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NOVEMBER 9, 1957
WITH THE PROBLEM OF THE DRINKER
ANONYMOUS COMES OF AGE
BRIEF HISTORY OF A.A.
the first four years of its existence the membership of
Alcoholics Anonymous totaled only one hundred persons. Today
the membership is over 200,000 in 7,000 groups in 70 countries
and U.S. possessions. The present volume, most of which
has been written (anonymously, of course) by the surviving
co-founder of A. A., is the fascinating story of the beginnings
and the development of this unique organization. No other
movement or method has been so successful in the large-scale
recovery of alcoholics.
author, Bill W., begins with an account of the Twentieth
Anniversary Convention of A.A. at St. Louis, and uses the
proceedings there as a starting point for a series of flashbacks
which reveal the principal events in the early days of the
movement. A. A. originally had a close connection with the
Oxford Groups and was influenced in some of its terminology,
ideas and methods by that movement. Fortunately for Catholics,
however, it completely divorced itself from that movement
at an early date in its history, and never incorporated
into its program any of those theological ideas or practices
which made the Oxford Group movement unacceptable to Catholics.
first part of the book ends with an account of how the old-timers
in A. A., on July 3, 1955, turned over the affairs of the
organization to the fellowship itself, as represented by
its General Service conference. "There our fellowship
declared itself come to the age of full responsibility,
and there it received from its founders and old-timers permanent
keeping of its three great legacies of Recovery, Unity and
Legacy of Recovery is embodied in the Twelve Steps, the
heart of "the program." The Legacy of Unity is
embodied in the Twelve Traditions, which are the fruit of
A. A. experience in the days of its mushroom growth. These
traditions are meant to safeguard the unity of the fellowship
with a minimum of organization and an absolute minimum of
anything like formal authority or government. The Third
Legacy, of Service, is essentially derived from the Steps
and Traditions, especially the Twelfth Step; "Having
had a spiritual awakening as the result of these steps,
we tried to carry this message to alcoholics and to practice
these principles in all our affairs" but the Third
Legacy is administered, as it were, by the elected representatives
who constitute the General Service Conference. This is not
a governing body -- there is none in A.A. It exists merely
to provide the services which are obviously required if
the message of Recovery is to be spread around the world.
renunciation of formal authority over its members goes so
far that it does not even claim the right to determine who
are or who are not members. There are sanctions, of course.
First, the most powerful one of John Barleycorn himself,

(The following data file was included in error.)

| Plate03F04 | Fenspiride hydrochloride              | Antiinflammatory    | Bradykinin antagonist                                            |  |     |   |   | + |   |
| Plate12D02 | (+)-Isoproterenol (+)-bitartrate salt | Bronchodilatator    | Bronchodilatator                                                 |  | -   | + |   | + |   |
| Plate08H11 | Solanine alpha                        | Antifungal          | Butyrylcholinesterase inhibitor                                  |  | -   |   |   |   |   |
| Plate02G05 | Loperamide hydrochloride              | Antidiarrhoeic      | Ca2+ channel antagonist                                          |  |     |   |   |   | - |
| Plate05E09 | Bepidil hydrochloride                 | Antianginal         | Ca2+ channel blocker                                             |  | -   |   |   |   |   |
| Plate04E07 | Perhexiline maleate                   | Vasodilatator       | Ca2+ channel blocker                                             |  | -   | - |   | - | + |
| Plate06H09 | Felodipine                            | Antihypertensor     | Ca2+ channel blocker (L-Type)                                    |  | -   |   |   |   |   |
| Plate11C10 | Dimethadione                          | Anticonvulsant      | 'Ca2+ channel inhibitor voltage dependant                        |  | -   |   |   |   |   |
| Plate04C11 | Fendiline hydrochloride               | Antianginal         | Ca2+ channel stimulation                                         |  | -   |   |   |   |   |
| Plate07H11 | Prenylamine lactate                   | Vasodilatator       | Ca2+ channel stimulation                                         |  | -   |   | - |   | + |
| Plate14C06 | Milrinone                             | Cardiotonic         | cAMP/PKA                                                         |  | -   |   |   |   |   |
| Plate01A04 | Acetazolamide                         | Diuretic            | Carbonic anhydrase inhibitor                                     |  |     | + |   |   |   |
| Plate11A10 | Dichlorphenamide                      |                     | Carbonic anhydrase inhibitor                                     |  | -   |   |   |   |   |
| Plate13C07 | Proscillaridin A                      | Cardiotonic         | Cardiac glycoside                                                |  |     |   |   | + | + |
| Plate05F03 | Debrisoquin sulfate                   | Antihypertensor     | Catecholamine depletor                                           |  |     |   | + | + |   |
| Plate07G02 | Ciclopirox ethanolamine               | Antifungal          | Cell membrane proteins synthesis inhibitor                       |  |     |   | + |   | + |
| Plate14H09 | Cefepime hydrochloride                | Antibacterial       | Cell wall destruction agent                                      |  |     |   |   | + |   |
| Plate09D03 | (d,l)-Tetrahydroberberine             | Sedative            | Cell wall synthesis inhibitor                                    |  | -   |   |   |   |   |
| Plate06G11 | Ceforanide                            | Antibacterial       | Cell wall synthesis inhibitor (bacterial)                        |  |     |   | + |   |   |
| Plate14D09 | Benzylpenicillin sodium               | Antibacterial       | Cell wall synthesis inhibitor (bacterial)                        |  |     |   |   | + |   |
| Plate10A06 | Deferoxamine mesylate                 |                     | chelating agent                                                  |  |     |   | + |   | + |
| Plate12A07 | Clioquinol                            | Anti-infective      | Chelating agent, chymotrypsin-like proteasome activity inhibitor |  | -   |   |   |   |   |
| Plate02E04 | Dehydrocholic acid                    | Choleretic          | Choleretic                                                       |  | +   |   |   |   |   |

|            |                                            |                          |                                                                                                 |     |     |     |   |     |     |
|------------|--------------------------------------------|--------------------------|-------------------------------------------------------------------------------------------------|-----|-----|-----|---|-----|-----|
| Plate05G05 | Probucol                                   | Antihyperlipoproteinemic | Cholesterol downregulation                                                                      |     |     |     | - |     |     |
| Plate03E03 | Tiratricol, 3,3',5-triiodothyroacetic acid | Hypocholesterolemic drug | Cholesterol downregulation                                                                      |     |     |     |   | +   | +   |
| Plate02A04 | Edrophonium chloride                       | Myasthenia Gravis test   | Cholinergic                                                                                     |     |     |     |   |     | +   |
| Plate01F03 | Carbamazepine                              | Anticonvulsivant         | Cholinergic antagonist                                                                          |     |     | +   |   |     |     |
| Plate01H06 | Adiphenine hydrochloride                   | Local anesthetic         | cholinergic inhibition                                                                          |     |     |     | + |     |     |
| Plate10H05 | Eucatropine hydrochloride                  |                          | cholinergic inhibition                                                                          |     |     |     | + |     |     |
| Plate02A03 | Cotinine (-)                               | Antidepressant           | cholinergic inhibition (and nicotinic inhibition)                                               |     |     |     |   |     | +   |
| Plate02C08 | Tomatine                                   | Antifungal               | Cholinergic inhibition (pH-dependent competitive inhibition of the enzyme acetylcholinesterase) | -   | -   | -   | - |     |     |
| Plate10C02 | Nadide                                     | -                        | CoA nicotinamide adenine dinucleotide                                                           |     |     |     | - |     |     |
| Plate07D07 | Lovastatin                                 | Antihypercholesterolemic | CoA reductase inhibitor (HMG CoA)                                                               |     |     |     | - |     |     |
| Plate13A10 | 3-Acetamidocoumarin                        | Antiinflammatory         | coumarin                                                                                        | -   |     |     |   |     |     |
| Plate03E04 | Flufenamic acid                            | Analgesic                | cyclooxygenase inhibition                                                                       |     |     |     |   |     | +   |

who may well condemn to death those who do not live by the
Steps and Traditions and who thus relapse. There is also
the sanction of public opinion within the fellowship, which
may bear heavily on those who do not conform to some important
traditions, e.g., that of anonymity at the public level.
It remains to be seen whether in the course of time such
vague and indeterminate sanctions will continue to be both
effective in maintaining some basic unity in the organization,
and just to the individual members, who are frequently assured,
on being received into the groups, that 'there are no rules
and no musts in A. A."
the co-founder, explains the three legacies in three talks
which in substance were delivered by him at the St. Louis
convention; they continue the narration of A. A.'s history
and growth. This method of grouping past events around the
ideas of Recovery, Unity and Service, though it forsakes
chronological order, is a very effective method of imparting
instruction and maintaining interest at the same time. It
would be confusing were it not for an excellent chronological
table provided at the beginning of the book. In the last
pages there are included some of the talks given by friends
of A. A. at the St. Louis convention. One chapter is entitled
'Medicine Looks at A. A.," and another "Religion
Looks at A.A."
A. emphatically repudiates the idea that it is a religious
sect or movement, or that it advocates any system of theological
doctrine. Except for the simple idea that the alcoholic
should acknowledge a Higher Power, "God, as we understood
Him," and should ask for God's help, A. A. steers clear
of any further theological involvement. An important declaration
is made on p. 232 by Bill W. "Speaking for Dr. Bob
(the other co-founder) and myself I would like to say that
there has never been the slightest intent, on his part or
mine, of trying to found a new religious denomination. Dr.
Bob held certain religious convictions, and so do I. This
is, of course, the personal privilege of every A. A. member.
Nothing, however, would be so unfortunate for A. A.'s future
as an attempt to incorporate any of our personal theological
views into A. A.'s teaching, practice or traditions. Were
Dr. Bob still with us, I am positive he would agree that
we could never be too emphatic about this matter."
will find in the Twelve Steps and Twelve Traditions nothing
contrary to Catholic ascetical and theological teaching.
In fact the vast majority of Catholics who sober up in A.
A. become better Catholics in the process.
only the members of A. A. will enjoy this well-written and
absorbing account. Anyone who is interested in seeing what
can happen when men and women with a common problem love
and help one another should read it. The paradox of victory
through defeat comes to life here.